A future race she is considering throwing her hat into one day is a run for Congress. Her motivation for office, right now, a concern that there is lack of a “succession plan” for how younger generations serve in public office.
“I think there is an opportunity for younger people to get involved in politics.”
A sentiment Diana Juettner, a professor and councilwoman for Greenburgh, New York echoed by explaining how she tries to empower her students to be involved as voters and constituents of elected officials.
“What do you want to see the government do for you? You need to go out and vote, and make those elected officials, such as myself, aware of your needs and wants.”
Another speak mentioned voting was the most important of all civic duties.
“If you are not doing that, then everything else you’re doing is a waste of time,” said Joy Reid, journalist and host of AM Joy on MSNBC. “Women are 51 percent of the population and 22 percent of the Senate, and that actually makes no sense. Women are not even close to our rightful representation in the country and policy would be so different if we were.”
She also addressed her own personal struggles.
“Listen, I was a nerd. I was always having to be confident,” Reid told of her years struggling against bullying. “I remember as a kid I would just lean into whatever it was people were bullying me for,” which the voracious reader did by walking around with the book War & Peace.
A public school girl who worked her way through college doing temp administrative work, she learned to never doubt her qualifications. She joked women need to think more like a man. “They don’t think twice about whether or not they’re qualified enough,” she explained her belief women and people need to build self-confidence backed by competence in life and in professions.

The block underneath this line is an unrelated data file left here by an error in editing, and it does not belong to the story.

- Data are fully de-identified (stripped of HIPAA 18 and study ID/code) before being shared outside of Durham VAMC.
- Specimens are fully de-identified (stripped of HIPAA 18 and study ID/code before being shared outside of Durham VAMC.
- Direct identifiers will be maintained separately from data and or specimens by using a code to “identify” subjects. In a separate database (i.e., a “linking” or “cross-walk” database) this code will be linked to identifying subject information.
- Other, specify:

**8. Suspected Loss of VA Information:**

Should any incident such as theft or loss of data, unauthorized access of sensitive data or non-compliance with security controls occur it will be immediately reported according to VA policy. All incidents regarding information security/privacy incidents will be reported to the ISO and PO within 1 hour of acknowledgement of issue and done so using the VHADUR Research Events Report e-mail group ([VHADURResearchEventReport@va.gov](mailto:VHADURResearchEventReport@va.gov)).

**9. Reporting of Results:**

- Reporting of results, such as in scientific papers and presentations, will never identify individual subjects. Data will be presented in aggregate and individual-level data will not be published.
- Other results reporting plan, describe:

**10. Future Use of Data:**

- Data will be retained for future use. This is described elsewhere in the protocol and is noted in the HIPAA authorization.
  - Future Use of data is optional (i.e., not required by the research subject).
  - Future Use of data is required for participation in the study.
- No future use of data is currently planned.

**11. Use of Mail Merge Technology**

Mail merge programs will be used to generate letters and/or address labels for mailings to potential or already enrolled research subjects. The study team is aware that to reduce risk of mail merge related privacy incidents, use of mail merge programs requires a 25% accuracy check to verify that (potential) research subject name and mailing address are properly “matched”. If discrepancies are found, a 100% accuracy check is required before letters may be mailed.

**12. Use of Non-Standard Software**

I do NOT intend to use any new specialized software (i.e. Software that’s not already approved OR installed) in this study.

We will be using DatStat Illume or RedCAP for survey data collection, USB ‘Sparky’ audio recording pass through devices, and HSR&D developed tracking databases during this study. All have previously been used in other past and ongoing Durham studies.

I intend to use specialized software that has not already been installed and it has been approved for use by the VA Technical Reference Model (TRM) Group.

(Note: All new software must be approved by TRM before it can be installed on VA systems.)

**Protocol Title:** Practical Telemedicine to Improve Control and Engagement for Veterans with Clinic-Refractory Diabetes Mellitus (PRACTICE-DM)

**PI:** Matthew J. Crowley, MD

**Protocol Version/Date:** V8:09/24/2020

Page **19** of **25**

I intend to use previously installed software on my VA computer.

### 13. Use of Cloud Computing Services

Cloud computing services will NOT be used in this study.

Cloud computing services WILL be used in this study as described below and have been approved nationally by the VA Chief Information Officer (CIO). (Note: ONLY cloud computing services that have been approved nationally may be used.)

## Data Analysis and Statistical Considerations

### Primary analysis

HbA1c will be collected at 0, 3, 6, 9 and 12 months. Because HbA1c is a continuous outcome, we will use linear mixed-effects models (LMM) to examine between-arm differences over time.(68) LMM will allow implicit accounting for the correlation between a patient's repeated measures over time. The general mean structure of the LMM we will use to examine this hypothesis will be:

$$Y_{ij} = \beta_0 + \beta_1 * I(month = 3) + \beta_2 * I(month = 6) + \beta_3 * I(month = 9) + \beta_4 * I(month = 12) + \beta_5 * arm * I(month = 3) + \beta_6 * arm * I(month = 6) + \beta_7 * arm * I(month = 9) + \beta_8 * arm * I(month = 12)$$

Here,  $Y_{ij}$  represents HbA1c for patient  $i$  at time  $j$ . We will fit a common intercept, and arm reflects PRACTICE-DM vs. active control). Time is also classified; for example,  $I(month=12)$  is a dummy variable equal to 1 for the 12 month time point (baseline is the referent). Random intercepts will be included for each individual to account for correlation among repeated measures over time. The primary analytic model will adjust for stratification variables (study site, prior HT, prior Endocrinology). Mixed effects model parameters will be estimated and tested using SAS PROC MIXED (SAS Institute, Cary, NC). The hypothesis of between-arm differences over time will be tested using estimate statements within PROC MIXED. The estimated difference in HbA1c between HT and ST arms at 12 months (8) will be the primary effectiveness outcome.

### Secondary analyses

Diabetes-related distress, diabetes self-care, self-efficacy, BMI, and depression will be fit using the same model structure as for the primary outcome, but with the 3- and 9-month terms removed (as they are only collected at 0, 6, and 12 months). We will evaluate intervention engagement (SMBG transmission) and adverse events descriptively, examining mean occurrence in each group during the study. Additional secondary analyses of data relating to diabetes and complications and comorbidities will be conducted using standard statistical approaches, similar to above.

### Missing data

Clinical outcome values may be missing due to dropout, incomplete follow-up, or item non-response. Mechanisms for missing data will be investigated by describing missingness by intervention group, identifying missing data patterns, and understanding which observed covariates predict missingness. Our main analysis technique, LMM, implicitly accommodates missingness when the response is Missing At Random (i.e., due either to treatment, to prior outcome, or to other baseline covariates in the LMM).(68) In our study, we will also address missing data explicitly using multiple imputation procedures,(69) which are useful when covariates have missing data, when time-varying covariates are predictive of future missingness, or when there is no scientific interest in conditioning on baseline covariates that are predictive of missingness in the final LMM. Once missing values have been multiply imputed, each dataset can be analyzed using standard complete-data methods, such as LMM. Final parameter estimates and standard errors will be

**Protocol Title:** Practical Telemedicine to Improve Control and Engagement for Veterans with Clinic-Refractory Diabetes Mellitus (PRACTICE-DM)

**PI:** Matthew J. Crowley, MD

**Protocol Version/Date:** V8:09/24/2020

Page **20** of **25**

She advocates women need to do it for themselves and the companies they apply to. “Without our voices everything will stagnate,” she expressed, but notes that for more systemic issues it requires coalitions, “in order to succeed for all of us, because it doesn’t work when we don’t.”
Her keynote speech focused on how the current political climate presents both a challenge women have not seen in over 50 years, and an opportunity for women to come together on issues of mutual empowerment.
Barbecho, who introduced Reid to the audience, believes a partnership of generations is another way for women to build coalitions.
“The older generations and new millennials can come together and make a difference. This conference proved it,” she expressed after mentioning her desire to be a high school teacher.
She attributes a teacher she had in middle school with changing her life by making her fall in love with history and letting his students know it was, “okay to be who [they] are.”
Barbecho feels she can achieve the same effect in high school because it is generally the time students start to choose what they want to do in the future as adults.
The support of a younger generations are not solely on the shoulders with Barbecho. Juettner offered networking as a way how college-age students can be assisted by those in their generation and above. Juettner finished, “I’ve been helped and I am happy to help those who need help now.”